It seems that a day doesn’t go by without someone asking: “What the heck is going on in/with Orthodox Christianity?”. Orthodoxy has recently come into the center of attention of the international community after Russia’s aggression in Ukraine. What role is Orthodoxy playing in this scene? To understand its influence in the current political geoclimate we must discuss a force(s) that’s occurring within the Church today. So, what is going on with Orthodoxy? In short: Orthodoxy is moving towards a split between two politically opposed poles: Moscow and Istanbul.
One of the things that distinguish Orthodoxy from other religious traditions is its unique organizational structure. Orthodoxy functions as a system of different autocephalous (independent) Churches gathered into one sacred communion. That is why it can be useful to think about Orthodoxy as a system of communication vessels – you are either a part of the system, or you are not. The Ecumenical Patriarchate is the primus inter pares (first among equals), and he has no power over other autocephalous Churches. What autocephaly actually means is that one Church is independent in organizing religious life in its canonical territory. And when we say canonical territory, we are usually referring to territory within state borders. Such structure holds its basis in the historical notion that the autocephaly of one Church went hand-in-hand with the political independence of the State. Consequently, the Orthodox Christian Churches have always had close relations with the State and have been intertwined in a nation’s identity.
And yet, the State borders often change, particularly in regions where Orthodoxy has thrived, but the Church has failed to keep up with these changes. Thus, most of Orthodox Christian Churches nowadays act as transnational religious actors. And more importantly – they are considered as an instrument of power and political influence in foreign states. This power dynamic is illustrated by what is going on in Ukraine – as there was a request for the autocephalous Ukrainian Orthodox Church to succeed from Russia’s Orthodox Church. Ukraine’s requested autonomy should be considered, first and foremost, a political strategy to halt Russia’s influence propagated via the Ukrainian Orthodox Church – a Moscow Patriarchate. And this is where things get tricky (or if you prefer – political): how does one Church receive its own autocephaly?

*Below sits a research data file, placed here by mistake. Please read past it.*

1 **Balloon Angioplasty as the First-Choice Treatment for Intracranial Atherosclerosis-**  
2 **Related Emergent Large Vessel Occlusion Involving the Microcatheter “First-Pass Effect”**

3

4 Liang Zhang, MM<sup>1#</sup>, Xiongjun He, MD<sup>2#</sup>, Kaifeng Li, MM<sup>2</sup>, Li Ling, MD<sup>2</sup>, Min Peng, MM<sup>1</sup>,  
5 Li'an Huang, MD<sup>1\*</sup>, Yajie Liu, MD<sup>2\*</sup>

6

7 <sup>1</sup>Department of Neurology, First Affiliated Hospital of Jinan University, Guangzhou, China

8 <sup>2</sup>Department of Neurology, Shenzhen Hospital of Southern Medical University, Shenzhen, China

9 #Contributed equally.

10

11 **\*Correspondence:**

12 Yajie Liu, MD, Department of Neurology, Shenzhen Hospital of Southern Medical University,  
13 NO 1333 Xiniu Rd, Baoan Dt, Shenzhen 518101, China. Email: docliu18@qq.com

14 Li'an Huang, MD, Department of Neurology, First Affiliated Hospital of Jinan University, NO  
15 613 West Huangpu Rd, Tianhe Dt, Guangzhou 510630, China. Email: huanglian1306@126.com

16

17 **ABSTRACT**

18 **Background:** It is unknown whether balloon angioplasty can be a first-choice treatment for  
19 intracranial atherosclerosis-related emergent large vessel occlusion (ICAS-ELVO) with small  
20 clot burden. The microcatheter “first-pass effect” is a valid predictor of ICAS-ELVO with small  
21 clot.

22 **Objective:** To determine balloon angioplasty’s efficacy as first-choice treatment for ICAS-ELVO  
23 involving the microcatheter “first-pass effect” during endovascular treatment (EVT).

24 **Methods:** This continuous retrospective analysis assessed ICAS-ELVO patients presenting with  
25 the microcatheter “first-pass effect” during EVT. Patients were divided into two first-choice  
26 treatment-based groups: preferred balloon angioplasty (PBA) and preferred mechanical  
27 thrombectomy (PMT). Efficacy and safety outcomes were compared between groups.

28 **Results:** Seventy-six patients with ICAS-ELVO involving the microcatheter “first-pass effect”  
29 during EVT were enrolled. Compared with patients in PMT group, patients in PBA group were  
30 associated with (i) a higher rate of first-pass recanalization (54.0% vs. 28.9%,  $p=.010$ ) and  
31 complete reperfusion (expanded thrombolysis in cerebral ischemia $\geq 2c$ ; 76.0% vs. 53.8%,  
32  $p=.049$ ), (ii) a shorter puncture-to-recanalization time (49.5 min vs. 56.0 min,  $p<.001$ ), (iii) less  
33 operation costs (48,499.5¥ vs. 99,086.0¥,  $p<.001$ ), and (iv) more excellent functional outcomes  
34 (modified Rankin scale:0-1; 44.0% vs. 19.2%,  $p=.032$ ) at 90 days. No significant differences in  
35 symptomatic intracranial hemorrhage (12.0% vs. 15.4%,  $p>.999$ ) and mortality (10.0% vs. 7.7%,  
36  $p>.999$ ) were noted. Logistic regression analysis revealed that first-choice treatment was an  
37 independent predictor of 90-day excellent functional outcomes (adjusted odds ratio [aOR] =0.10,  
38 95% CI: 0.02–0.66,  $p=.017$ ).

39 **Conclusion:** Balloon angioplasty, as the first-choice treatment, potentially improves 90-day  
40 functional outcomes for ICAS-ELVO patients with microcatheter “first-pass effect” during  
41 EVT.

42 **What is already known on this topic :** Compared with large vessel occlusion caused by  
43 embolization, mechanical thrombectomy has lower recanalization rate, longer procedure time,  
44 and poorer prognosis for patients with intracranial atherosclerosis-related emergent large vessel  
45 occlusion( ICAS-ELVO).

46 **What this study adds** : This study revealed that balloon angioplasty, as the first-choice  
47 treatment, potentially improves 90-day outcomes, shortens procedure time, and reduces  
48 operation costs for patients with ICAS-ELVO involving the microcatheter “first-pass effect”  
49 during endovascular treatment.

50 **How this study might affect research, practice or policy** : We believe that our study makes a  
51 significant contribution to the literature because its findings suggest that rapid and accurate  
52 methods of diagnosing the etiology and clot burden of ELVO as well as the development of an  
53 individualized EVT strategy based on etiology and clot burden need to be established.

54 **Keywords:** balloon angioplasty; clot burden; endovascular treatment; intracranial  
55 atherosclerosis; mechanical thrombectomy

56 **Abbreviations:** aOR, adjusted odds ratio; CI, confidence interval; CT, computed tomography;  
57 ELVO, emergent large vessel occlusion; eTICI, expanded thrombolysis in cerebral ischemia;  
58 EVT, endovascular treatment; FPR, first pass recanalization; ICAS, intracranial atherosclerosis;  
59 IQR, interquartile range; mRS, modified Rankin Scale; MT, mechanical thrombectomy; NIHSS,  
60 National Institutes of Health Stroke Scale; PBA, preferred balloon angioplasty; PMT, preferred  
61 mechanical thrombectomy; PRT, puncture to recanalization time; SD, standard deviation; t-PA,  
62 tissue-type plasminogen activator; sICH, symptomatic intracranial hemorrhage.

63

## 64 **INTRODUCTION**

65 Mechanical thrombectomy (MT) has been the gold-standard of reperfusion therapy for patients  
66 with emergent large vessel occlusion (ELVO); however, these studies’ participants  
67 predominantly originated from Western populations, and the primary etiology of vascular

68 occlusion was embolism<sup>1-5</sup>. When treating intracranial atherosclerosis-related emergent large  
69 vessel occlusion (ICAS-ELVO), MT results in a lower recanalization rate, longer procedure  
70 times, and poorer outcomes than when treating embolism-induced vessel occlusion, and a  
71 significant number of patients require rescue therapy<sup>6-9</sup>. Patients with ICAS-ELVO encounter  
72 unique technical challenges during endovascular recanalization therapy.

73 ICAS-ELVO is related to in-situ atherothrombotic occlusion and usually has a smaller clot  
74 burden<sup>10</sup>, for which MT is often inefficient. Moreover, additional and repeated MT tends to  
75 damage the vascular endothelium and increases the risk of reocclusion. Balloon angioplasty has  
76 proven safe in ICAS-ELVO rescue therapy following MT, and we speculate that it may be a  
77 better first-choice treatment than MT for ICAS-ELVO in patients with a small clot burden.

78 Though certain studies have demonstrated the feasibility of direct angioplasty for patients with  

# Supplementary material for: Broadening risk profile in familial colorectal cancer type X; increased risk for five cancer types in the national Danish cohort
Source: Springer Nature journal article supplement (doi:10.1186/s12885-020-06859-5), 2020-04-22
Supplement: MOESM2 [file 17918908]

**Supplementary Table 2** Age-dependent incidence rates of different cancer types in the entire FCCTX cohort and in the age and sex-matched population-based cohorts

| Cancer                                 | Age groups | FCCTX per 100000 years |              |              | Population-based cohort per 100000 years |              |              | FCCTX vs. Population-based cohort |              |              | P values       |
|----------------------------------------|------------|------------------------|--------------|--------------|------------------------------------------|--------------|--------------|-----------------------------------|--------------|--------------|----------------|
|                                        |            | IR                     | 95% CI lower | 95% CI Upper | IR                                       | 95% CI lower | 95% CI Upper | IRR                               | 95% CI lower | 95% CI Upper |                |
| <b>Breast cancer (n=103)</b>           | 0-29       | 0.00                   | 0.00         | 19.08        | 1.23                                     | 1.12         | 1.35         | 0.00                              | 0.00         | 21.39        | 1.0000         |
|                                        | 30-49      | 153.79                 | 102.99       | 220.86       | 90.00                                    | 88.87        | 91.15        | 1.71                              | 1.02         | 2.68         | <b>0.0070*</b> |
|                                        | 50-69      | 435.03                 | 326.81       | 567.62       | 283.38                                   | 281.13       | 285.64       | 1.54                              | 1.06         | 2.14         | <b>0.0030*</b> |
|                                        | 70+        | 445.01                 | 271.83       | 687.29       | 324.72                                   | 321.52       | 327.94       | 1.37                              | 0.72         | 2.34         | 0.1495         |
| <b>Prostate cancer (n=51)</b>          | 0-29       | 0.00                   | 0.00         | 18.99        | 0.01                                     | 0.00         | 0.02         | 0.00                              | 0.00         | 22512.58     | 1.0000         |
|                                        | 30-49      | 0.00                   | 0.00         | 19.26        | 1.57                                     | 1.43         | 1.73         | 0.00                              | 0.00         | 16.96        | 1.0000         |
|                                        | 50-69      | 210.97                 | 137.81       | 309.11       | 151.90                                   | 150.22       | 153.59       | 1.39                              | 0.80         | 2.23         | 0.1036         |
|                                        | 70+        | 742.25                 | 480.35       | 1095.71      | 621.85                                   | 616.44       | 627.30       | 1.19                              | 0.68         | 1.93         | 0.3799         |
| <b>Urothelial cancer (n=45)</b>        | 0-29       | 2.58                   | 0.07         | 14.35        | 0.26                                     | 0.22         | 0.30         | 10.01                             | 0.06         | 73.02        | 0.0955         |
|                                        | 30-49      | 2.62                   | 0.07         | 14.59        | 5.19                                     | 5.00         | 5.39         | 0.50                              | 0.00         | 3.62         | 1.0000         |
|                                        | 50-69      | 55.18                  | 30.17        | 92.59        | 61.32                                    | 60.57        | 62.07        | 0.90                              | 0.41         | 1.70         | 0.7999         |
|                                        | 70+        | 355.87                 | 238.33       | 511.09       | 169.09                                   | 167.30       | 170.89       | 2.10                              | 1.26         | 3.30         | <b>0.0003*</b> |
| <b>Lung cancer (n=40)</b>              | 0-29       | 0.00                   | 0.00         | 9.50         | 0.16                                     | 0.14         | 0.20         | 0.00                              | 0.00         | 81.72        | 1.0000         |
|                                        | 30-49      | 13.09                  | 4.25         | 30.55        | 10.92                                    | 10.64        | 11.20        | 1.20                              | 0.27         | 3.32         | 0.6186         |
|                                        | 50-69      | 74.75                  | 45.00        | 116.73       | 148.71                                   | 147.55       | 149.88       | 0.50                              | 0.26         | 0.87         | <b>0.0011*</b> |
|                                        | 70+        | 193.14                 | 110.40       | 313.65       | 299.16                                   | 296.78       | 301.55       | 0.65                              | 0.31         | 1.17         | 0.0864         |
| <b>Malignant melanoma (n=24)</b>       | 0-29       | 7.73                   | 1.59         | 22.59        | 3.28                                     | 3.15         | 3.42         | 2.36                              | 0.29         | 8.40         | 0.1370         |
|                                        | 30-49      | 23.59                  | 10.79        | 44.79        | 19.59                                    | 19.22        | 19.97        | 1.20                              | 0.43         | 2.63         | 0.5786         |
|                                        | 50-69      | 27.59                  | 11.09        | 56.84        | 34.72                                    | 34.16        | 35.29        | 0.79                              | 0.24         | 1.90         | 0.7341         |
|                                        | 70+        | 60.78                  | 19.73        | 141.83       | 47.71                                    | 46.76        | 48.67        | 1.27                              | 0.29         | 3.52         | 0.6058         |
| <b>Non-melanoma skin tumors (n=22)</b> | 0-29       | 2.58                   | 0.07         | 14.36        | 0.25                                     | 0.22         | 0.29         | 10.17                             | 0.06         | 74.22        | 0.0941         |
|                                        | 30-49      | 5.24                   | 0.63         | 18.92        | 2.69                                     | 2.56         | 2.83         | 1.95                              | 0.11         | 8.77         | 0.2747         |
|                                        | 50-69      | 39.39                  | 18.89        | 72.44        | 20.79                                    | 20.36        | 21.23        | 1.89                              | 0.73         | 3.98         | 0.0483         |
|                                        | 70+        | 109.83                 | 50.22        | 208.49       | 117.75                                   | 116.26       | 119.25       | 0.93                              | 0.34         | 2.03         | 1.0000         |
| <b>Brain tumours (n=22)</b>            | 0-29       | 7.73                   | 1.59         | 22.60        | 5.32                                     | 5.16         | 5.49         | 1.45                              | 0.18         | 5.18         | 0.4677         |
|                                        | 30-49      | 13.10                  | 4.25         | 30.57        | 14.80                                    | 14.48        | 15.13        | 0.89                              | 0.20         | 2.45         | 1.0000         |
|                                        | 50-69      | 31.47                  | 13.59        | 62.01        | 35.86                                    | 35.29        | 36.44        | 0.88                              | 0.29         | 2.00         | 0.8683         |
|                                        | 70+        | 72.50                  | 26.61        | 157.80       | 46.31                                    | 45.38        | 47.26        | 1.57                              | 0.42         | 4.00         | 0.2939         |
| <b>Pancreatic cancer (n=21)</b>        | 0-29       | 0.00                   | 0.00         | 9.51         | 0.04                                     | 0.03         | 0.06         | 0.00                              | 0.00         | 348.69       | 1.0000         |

There are two major school of thoughts within Orthodoxy: the first one claims that it is only the Ecumenical Patriarchate that can grant autocephaly, whilst at the same time the other school claims that it is only the “mother church” that can grant autocephaly. Either approach only satisfies one the first step towards receiving autocephaly. After either the Ecumenical Patriarchate or the “mother church” grants autocephaly – all other Churches are invited to accept the request. As is likely predictable, sometimes other Churches don’t want to accept the new Church autocephaly into the sacred communion. Even though the rationale for autocephaly is usually legitimized in the canons, historically the main reasons for not accepting other Churches into the sacred communion have been (ir)rational, selfish, interest-driven, or to be summarized in one word – political.
In order to make sense of the recent developments in the Orthodox Christian world, it’s best to visualize it against a massive political chessboard. Where the white and black pieces represent political groups, each with separate political values. These two opposing groups represent the Moscow Patriarchate on one side, and the Ecumenical Patriarchate on the other. It goes without saying that the political support of these two poles also comes from different addresses on the global arena. So, in the years (or even months) to come, it is likely that all other autocephalous Churches will need to align with one of the opposing groups. Orthodoxy, as we know it, is at a crossroad of choosing between becoming more democratic, liberal and transparent, or holding onto the canopy of a conservative, authoritarian and State-based religious tradition.